Then off to the fashion museum. This was a ripper! An excellent, extensive collection from the 17th century onwards. Absolutely fabulous. We spent a loooong time here swooning over gauntlet gloves, corsets and embroidery. A magnificent collection beautifully curated.



But there was still more to see in Bath! We strolled around looking at the architecture, stopping off for tea and carrot cake before heading to the big attraction - the Roman baths. Wow, wow, wow! An amazingly well preserved complex. Absolutely amazing. And yes, I did sample the waters.


We just had time for a stroll along the river before heading to the evening train. Only to find it cancelled. With no explanation. Next train, two hours away. Dunkirk spirit kicks in - we head to the station hotel for some lemonade and onion rings. Back to the station - and the train is delayed. Eying off the number of passengers dubiously - clearly many of them went to the pub during the wait... Our reserved seats no longer hold... Train arrives and it's standing room only. Though there appears to be heaps of room in the first class carriages no one makes a move towards them. We end up separated from Rose, squished in a doorway with people shouting - and still drinking. Got a seat eventually, got to the tube station, hopped on. Except it's terminating early. So we get off and wait for another. Get to the bus station and hop on. And then the bus breaks down. Oy oy oy! We end up walking home. Past midnight, way past my bedtime! At least it didn't rain...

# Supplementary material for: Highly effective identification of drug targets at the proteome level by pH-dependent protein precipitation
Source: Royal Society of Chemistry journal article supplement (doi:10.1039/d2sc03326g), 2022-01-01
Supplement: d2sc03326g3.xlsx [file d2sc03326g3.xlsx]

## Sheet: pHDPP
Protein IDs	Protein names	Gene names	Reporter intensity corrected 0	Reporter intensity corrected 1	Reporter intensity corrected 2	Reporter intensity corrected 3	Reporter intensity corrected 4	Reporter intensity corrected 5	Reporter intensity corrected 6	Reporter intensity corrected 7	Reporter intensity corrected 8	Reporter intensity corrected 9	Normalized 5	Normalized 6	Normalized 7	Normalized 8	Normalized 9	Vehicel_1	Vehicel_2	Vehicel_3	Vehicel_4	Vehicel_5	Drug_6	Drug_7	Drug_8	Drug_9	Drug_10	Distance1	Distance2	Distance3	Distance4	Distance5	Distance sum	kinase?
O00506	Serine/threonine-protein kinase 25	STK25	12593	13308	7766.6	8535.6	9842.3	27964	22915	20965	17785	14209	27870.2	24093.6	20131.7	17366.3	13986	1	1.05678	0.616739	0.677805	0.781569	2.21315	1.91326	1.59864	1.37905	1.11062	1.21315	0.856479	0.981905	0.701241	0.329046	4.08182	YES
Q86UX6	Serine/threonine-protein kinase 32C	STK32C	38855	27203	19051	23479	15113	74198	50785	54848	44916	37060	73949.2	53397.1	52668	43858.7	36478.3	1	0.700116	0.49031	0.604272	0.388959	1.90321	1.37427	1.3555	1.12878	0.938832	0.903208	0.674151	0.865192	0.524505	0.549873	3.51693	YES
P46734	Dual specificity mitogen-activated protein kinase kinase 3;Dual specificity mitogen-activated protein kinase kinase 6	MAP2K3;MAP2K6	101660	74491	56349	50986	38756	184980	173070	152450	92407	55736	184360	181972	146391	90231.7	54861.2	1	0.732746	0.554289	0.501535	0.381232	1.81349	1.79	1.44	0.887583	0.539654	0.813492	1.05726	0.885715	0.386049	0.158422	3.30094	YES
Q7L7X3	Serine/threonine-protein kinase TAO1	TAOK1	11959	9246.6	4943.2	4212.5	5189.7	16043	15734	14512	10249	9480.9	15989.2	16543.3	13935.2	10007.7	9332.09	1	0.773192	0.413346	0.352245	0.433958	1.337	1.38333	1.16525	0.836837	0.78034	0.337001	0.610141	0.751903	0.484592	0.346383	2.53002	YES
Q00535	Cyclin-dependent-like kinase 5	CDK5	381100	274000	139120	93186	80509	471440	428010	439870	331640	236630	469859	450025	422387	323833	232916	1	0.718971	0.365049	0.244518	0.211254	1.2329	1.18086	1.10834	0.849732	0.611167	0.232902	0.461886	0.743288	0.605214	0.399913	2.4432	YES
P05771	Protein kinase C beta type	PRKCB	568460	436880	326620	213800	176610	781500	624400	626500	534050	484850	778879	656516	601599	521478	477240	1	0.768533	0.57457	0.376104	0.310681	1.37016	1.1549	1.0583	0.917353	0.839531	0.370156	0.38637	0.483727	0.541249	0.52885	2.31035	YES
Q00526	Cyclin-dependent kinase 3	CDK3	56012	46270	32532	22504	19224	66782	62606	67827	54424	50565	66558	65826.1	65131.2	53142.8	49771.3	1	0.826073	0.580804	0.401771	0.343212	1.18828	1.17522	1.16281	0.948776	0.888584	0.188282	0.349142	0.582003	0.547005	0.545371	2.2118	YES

Friday, August 24, 2012

Imperial War Museum

Our apartment in London was quite close to the Imperial War Museum - I couldn't wait to go! I was quite beside myself with excitement when we arrived. In the main hall they have tanks, mini submarines, a V2 rocket, airplanes and artillery guns. We saw Monty's tank! I peered inside a Lancaster flown by the RAAF. It was just amazing to see. But there were lots of kids climbing on things and it just felt a bit odd. I must say, I don't think it's exactly a place for children. They had an exhibition on the homefront and what it was like living through the Blitz. They'd recreated rooms from a house and I was in heaven! Given what we've seen of the rather reserved and disobliging British character you can understand how they look back on the homefront as a special time, when people really pulled together. It just seems like a remarkable achievement.